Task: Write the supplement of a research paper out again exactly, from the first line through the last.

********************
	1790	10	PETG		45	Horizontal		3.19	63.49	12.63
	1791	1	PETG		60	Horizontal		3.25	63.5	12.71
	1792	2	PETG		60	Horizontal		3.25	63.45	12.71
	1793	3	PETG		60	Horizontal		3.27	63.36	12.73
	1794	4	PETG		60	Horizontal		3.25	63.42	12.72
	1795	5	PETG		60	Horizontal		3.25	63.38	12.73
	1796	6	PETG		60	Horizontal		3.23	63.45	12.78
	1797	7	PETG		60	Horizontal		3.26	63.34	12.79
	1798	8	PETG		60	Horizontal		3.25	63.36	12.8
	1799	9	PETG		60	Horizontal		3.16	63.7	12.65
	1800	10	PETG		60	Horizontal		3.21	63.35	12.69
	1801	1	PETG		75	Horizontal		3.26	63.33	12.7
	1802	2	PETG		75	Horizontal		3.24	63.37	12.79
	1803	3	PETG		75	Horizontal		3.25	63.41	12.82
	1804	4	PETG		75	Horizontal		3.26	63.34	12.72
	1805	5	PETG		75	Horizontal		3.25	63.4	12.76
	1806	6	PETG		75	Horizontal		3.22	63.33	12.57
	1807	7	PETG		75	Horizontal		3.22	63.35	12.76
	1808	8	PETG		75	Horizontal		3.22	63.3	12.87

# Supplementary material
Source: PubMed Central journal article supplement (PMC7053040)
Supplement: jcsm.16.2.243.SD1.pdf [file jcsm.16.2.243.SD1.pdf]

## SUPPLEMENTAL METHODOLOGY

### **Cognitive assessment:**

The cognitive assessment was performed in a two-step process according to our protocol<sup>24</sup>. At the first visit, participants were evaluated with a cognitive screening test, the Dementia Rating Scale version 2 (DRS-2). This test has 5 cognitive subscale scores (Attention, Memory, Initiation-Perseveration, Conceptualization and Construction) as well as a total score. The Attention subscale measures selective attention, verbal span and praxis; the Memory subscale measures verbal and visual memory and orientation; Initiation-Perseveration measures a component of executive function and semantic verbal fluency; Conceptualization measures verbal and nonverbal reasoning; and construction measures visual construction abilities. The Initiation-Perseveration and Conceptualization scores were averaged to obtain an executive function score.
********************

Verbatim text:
	1790	10	PETG		45	Horizontal		3.19	63.49	12.63
	1791	1	PETG		60	Horizontal		3.25	63.5	12.71
	1792	2	PETG		60	Horizontal		3.25	63.45	12.71
	1793	3	PETG		60	Horizontal		3.27	63.36	12.73
	1794	4	PETG		60	Horizontal		3.25	63.42	12.72
	1795	5	PETG		60	Horizontal		3.25	63.38	12.73
	1796	6	PETG		60	Horizontal		3.23	63.45	12.78
	1797	7	PETG		60	Horizontal		3.26	63.34	12.79
	1798	8	PETG		60	Horizontal		3.25	63.36	12.8
	1799	9	PETG		60	Horizontal		3.16	63.7	12.65
	1800	10	PETG		60	Horizontal		3.21	63.35	12.69
	1801	1	PETG		75	Horizontal		3.26	63.33	12.7
	1802	2	PETG		75	Horizontal		3.24	63.37	12.79
	1803	3	PETG		75	Horizontal		3.25	63.41	12.82
	1804	4	PETG		75	Horizontal		3.26	63.34	12.72
	1805	5	PETG		75	Horizontal		3.25	63.4	12.76
	1806	6	PETG		75	Horizontal		3.22	63.33	12.57
	1807	7	PETG		75	Horizontal		3.22	63.35	12.76
	1808	8	PETG		75	Horizontal		3.22	63.3	12.87

# Supplementary material
Source: PubMed Central journal article supplement (PMC7053040)
Supplement: jcsm.16.2.243.SD1.pdf [file jcsm.16.2.243.SD1.pdf]

## SUPPLEMENTAL METHODOLOGY

### **Cognitive assessment:**

The cognitive assessment was performed in a two-step process according to our protocol<sup>24</sup>. At the first visit, participants were evaluated with a cognitive screening test, the Dementia Rating Scale version 2 (DRS-2). This test has 5 cognitive subscale scores (Attention, Memory, Initiation-Perseveration, Conceptualization and Construction) as well as a total score. The Attention subscale measures selective attention, verbal span and praxis; the Memory subscale measures verbal and visual memory and orientation; Initiation-Perseveration measures a component of executive function and semantic verbal fluency; Conceptualization measures verbal and nonverbal reasoning; and construction measures visual construction abilities. The Initiation-Perseveration and Conceptualization scores were averaged to obtain an executive function score.